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The long march of the feminists

SOURCE: INTERNATIONAL VIEWPOINT

In Tunisia, major mobilizations led by feminist organizations have taken place in recent weeks to demand full equality in the law, particularly with regard to the Tunisian Personal Status Code (CSP). The CSP consists of a series of legal provisions governing marital relations between men and women and inheritance issues. The Swiss journal SolidaritéS spoke to Ahlem Belhadj, feminist activist and member of the Tunisian Association of Democratic Women).

Can you tell us about the latest feminist mobilizations and their dynamics?

Since 1956, the date of the promulgation of the Personal Status Code, 13 August has been Tunisia’s national women’s day. This year, several thousand women and men, young and old, invaded Habib Bourguiba Avenue to defend equality and individual freedoms. The call came from feminist associations, including the Tunisian Association of Democratic Women, human rights organizations and several newer LGBTIQ associations.

The demonstration is part of the Tunisian feminist movement’s long journey to achieve gender equality. It follows the battle for the constitutional recognition of women’s rights from 2011 to 2014. The feminist movements demanded the recognition of equality between citizens in a civil status based on non-Sharian laws. But there is still a lot of resistance to harmonizing laws with the constitution.

The personal status code, which has become obsolete over time, is the subject of a heated national debate following the report of the Committee on Individual Liberties and Equality (Colibe) set up by the Presidency and led by feminist MEP Bochra Belhadj Hmida. This code includes frankly discriminatory measures inspired by Sharia law: the husband as head of the family; paternal guardianship of children except in special situations; the obligation of dowry for marriages (even if it is symbolic), and especially discrimination in inheritance.

In addition to equality between men and women, the demands also concerned respect for individual freedoms and in particular the decriminalisation of homosexuality and the free disposal of your body. The alliance between the feminist movement and the LGBTIQ movement is recent. It has resulted in several joint actions and the establishment of a Tunisian collective for individual freedoms.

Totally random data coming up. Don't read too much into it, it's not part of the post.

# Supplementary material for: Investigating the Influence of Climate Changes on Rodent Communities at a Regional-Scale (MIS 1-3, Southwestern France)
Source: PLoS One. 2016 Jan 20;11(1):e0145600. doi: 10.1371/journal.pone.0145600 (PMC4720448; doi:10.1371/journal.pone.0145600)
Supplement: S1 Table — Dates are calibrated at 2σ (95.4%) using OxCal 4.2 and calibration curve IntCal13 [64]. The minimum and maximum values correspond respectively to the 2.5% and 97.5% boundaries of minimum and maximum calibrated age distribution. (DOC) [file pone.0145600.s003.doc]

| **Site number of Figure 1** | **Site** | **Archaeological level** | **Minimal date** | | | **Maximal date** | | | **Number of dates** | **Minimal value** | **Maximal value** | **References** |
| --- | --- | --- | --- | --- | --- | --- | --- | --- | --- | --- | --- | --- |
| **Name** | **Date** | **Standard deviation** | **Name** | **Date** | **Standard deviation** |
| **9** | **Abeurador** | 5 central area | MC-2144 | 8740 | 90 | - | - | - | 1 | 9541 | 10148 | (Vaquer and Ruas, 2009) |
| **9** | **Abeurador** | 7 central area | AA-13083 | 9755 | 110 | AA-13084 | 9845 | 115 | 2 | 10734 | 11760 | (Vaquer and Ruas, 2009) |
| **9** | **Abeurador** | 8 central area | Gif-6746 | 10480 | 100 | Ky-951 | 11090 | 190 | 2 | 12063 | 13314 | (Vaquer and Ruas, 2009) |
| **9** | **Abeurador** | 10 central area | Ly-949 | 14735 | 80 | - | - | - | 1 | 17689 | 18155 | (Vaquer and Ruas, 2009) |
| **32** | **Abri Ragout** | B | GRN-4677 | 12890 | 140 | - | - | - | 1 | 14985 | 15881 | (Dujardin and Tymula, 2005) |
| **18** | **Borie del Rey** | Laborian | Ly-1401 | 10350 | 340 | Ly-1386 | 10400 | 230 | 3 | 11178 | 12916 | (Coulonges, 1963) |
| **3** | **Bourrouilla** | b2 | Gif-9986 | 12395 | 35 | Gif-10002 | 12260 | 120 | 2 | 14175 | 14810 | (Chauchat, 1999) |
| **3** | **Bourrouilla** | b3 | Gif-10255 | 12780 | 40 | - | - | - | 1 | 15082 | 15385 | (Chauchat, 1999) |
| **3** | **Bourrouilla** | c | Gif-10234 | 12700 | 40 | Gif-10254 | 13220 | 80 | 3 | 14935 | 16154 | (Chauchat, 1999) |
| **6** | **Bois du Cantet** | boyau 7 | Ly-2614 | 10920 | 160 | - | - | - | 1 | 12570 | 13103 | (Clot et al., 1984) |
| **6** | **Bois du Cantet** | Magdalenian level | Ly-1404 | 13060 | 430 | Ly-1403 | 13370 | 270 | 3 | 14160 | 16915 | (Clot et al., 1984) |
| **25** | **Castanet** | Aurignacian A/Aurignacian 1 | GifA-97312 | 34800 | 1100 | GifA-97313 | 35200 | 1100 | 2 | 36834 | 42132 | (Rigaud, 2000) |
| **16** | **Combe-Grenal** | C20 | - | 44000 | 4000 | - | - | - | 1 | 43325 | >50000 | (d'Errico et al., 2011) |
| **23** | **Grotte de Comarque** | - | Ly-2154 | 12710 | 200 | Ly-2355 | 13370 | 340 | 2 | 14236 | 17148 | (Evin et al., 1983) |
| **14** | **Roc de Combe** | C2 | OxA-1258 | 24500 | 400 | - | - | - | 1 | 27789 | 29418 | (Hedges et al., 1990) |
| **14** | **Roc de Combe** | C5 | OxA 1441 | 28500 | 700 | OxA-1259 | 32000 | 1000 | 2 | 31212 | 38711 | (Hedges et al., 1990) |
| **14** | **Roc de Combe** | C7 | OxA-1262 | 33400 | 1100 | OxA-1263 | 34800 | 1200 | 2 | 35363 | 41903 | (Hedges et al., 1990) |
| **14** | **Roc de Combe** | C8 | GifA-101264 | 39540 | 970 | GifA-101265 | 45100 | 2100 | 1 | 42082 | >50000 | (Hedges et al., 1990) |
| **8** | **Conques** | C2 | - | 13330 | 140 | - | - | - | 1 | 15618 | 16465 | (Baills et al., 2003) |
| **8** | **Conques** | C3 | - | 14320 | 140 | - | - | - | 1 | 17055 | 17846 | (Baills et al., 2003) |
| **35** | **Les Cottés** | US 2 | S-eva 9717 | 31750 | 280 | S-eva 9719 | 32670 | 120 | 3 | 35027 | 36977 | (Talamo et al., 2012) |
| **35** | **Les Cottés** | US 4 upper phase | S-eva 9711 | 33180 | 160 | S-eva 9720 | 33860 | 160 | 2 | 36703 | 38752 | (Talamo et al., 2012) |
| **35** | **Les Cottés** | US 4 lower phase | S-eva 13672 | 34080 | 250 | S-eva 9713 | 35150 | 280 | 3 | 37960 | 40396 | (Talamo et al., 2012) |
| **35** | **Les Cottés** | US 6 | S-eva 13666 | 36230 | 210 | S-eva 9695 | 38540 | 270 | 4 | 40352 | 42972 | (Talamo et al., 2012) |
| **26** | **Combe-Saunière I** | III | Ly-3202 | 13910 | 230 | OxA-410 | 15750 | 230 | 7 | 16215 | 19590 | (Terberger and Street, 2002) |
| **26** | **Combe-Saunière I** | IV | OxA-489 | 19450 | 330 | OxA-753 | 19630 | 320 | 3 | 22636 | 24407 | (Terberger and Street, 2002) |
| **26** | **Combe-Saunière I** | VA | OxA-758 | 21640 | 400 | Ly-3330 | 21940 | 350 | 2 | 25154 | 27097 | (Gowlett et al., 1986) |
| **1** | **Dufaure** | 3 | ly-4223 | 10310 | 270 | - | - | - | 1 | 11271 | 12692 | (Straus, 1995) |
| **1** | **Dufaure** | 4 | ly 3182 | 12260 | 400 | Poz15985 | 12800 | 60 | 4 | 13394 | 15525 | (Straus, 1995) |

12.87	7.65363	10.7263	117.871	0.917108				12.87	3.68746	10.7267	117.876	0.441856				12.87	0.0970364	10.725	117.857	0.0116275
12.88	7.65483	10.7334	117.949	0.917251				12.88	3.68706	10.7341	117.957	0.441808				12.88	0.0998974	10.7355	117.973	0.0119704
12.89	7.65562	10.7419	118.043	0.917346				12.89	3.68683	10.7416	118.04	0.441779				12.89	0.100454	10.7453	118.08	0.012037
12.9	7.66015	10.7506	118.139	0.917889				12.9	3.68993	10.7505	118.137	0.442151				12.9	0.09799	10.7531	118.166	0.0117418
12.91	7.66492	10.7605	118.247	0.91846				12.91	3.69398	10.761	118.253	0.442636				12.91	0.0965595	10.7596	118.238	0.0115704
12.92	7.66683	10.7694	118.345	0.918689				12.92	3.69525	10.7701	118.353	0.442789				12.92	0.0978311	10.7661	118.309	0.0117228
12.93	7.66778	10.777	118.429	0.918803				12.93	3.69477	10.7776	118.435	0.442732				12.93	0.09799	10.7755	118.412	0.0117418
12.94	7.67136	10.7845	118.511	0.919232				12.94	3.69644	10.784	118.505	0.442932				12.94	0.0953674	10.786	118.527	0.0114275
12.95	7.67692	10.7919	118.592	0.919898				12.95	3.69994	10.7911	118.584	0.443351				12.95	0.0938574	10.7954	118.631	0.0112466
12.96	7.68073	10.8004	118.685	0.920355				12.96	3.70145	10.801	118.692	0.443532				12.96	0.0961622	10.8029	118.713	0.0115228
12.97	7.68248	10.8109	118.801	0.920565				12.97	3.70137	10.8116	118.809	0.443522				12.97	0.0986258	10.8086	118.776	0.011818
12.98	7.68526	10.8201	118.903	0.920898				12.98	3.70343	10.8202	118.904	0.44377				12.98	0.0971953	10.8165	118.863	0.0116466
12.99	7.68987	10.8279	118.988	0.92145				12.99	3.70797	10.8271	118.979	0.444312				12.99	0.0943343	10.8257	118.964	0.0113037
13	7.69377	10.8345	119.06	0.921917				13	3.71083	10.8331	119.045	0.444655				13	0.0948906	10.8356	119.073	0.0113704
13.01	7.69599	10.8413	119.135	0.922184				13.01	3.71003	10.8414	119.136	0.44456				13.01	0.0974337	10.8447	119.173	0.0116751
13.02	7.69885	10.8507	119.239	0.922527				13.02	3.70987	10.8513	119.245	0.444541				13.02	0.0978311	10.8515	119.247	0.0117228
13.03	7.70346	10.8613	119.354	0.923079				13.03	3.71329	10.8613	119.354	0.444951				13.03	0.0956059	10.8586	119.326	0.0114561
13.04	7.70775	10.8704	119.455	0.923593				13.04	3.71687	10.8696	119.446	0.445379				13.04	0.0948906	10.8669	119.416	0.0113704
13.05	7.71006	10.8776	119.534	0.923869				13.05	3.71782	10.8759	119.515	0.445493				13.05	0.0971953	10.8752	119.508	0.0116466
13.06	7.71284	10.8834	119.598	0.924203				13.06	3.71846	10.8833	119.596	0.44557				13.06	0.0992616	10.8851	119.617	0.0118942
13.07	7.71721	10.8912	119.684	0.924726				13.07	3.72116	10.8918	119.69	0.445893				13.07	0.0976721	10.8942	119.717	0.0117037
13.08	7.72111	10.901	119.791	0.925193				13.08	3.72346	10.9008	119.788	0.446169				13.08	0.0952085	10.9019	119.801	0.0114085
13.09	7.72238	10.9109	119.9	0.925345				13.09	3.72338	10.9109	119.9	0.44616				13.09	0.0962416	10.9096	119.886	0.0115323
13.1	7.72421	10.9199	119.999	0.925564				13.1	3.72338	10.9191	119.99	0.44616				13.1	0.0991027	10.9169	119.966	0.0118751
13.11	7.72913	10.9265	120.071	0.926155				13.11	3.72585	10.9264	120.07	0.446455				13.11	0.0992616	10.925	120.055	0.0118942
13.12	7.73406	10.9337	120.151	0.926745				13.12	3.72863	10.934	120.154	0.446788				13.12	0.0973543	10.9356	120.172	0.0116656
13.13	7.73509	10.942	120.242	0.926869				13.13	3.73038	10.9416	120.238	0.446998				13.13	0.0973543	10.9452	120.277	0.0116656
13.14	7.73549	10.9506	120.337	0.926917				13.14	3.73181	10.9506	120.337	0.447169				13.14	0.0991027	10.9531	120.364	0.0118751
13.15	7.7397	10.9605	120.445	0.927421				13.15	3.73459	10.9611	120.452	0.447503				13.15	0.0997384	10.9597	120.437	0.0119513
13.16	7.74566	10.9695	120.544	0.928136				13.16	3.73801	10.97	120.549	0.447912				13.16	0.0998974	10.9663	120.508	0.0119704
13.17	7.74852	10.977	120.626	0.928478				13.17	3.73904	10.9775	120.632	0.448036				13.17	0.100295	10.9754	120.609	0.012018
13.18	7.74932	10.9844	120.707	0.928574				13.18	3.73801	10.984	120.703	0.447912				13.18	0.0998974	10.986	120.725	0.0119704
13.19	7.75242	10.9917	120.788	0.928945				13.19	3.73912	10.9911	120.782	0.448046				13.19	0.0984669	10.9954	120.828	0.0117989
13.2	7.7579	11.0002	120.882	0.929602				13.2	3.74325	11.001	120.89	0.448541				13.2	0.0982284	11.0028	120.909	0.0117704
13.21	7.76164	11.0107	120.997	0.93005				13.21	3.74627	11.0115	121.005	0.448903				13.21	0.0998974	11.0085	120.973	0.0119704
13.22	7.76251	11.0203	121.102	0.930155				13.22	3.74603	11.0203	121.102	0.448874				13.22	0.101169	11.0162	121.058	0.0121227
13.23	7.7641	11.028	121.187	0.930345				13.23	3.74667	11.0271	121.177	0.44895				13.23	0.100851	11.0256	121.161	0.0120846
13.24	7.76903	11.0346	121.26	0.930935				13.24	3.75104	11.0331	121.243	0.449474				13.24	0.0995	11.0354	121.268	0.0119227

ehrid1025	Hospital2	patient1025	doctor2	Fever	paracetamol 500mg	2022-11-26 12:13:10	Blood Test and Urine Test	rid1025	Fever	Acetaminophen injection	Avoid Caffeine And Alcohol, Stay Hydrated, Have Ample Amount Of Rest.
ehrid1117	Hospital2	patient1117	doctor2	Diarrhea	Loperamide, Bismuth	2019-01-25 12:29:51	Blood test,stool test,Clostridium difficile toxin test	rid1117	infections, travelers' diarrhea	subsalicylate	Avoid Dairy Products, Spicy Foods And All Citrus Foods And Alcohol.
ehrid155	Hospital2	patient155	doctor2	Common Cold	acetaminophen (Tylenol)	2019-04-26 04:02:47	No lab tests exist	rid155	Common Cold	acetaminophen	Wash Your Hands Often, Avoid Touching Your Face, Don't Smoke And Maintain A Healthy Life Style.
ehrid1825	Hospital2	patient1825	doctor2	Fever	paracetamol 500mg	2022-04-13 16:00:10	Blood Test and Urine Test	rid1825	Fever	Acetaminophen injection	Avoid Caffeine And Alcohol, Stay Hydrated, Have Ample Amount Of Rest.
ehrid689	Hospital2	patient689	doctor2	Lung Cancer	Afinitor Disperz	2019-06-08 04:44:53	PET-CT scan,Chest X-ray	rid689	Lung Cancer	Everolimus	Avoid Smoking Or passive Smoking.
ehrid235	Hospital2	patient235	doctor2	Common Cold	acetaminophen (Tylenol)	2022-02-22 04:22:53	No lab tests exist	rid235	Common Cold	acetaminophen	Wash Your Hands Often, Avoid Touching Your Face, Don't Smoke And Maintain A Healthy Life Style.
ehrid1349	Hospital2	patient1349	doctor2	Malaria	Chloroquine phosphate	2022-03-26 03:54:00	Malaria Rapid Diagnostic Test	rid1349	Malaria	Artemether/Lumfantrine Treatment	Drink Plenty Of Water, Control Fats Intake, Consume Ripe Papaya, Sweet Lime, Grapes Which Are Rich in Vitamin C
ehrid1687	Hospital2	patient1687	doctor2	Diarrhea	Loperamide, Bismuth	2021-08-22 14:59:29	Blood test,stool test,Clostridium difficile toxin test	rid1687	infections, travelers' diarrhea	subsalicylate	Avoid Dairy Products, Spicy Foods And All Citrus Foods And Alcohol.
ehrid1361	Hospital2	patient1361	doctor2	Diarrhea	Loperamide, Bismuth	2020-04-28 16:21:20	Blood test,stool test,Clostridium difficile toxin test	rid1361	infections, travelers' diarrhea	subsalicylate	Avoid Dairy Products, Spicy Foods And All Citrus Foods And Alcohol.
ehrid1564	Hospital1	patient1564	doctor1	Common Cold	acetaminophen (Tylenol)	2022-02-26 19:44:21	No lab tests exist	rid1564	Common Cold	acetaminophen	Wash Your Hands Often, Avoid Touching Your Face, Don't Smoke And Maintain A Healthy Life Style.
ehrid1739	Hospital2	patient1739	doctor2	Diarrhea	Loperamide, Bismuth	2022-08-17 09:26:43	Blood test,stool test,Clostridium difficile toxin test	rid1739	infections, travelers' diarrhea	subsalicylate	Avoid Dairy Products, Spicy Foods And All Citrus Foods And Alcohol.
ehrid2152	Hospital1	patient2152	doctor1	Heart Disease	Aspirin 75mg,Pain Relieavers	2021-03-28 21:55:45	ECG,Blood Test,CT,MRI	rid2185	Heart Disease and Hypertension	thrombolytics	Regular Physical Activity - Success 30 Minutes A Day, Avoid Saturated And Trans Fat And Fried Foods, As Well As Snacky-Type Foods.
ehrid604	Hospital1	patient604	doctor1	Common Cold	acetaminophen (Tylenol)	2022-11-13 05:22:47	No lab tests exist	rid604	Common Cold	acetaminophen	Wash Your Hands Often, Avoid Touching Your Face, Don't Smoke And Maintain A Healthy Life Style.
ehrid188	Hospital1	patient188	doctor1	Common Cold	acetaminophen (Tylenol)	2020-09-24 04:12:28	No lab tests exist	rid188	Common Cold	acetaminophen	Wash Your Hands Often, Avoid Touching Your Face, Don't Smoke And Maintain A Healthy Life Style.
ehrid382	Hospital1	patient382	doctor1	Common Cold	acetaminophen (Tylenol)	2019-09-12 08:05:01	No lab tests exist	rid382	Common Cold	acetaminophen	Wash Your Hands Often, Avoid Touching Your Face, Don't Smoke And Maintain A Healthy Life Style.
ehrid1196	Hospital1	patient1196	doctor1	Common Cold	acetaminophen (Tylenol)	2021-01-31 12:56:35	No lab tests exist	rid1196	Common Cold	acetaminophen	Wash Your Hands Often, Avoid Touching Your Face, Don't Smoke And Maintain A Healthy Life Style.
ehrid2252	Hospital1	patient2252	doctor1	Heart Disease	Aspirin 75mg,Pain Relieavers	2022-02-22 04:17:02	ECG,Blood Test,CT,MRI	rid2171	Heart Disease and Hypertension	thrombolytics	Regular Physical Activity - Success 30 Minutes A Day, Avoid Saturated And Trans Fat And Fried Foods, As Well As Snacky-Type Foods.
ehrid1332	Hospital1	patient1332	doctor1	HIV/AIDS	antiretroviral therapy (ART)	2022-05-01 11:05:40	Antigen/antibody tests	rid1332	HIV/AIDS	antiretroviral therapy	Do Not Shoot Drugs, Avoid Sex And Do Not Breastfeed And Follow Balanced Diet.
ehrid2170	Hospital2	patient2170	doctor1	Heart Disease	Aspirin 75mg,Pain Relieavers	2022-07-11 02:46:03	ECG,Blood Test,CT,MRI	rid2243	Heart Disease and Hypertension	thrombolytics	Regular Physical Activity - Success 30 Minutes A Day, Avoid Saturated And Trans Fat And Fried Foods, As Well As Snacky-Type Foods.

What obstacles do these mobilizations face?

On 11 August, the hard-line Islamists organized a march against these reforms. They claim that they are in contradiction with religion and consider that equality and individual freedoms threaten Tunisian Muslim society and that the Colibe report is a call toFitna (civil war on religious grounds). They called for all measures in favour of equality in inheritance, dowry to be abandoned and were particularly opposed to everything related to free sexual orientation.

The ruling Islamist Ennahdha party did not officially call for this demonstration, but one of its leaders was Ennahdha’s former minister of religious affairs.

The two ruling parties, Nidaa Tounes and Ennahdha, are trying to create a climate of political polarisation in preparation for the 2019 elections. And the instrumentalization of women’s rights is the subject that works best for that. President Caïd Essebsi, who is very disappointed by the coalition with the Islamists, needs the entire female electorate who voted massively for him to be able to counter Ennahdha and to follow in Bourguiba’s footsteps and make history by establishing equal inheritance, . For its part, Ennahdha plays on religion and identity in the hope that its base will forget its failures.

The demonstration on 13 August broke the state of lethargy and demobilization ofrecent months following many disappointments and the economic and political crises. The government is disowned by its own people, and Essebsi’s Nidaa Tounes party has splintered into several pieces with a succession war over his son. The ruling national coalition has several internal conflicts. The UGTT trade union centre is calling for the government to resign in the face of neoliberal measures dictated by the IMF and the World Bank, in a climate of unprecedented economic crisis: inflation at 7.2%, debt ratio at 72% of GDP, devaluation of the dinar.

Few political parties supported the feminist call. The Popular Front [1] joined the march the day before and eventually took a clear position on the side of the demonstrators, the Massar (former Tunisian Communist Party) also called for joining the march, while political activists from other parties demonstrated independently of their parties’ positions.

The demonstrators chanted slogans for equality, for individual freedoms but also against the cost of living, corruption and all forms of conservatism. Will the Tunisian feminist movement once again be a driving force for mobilization?

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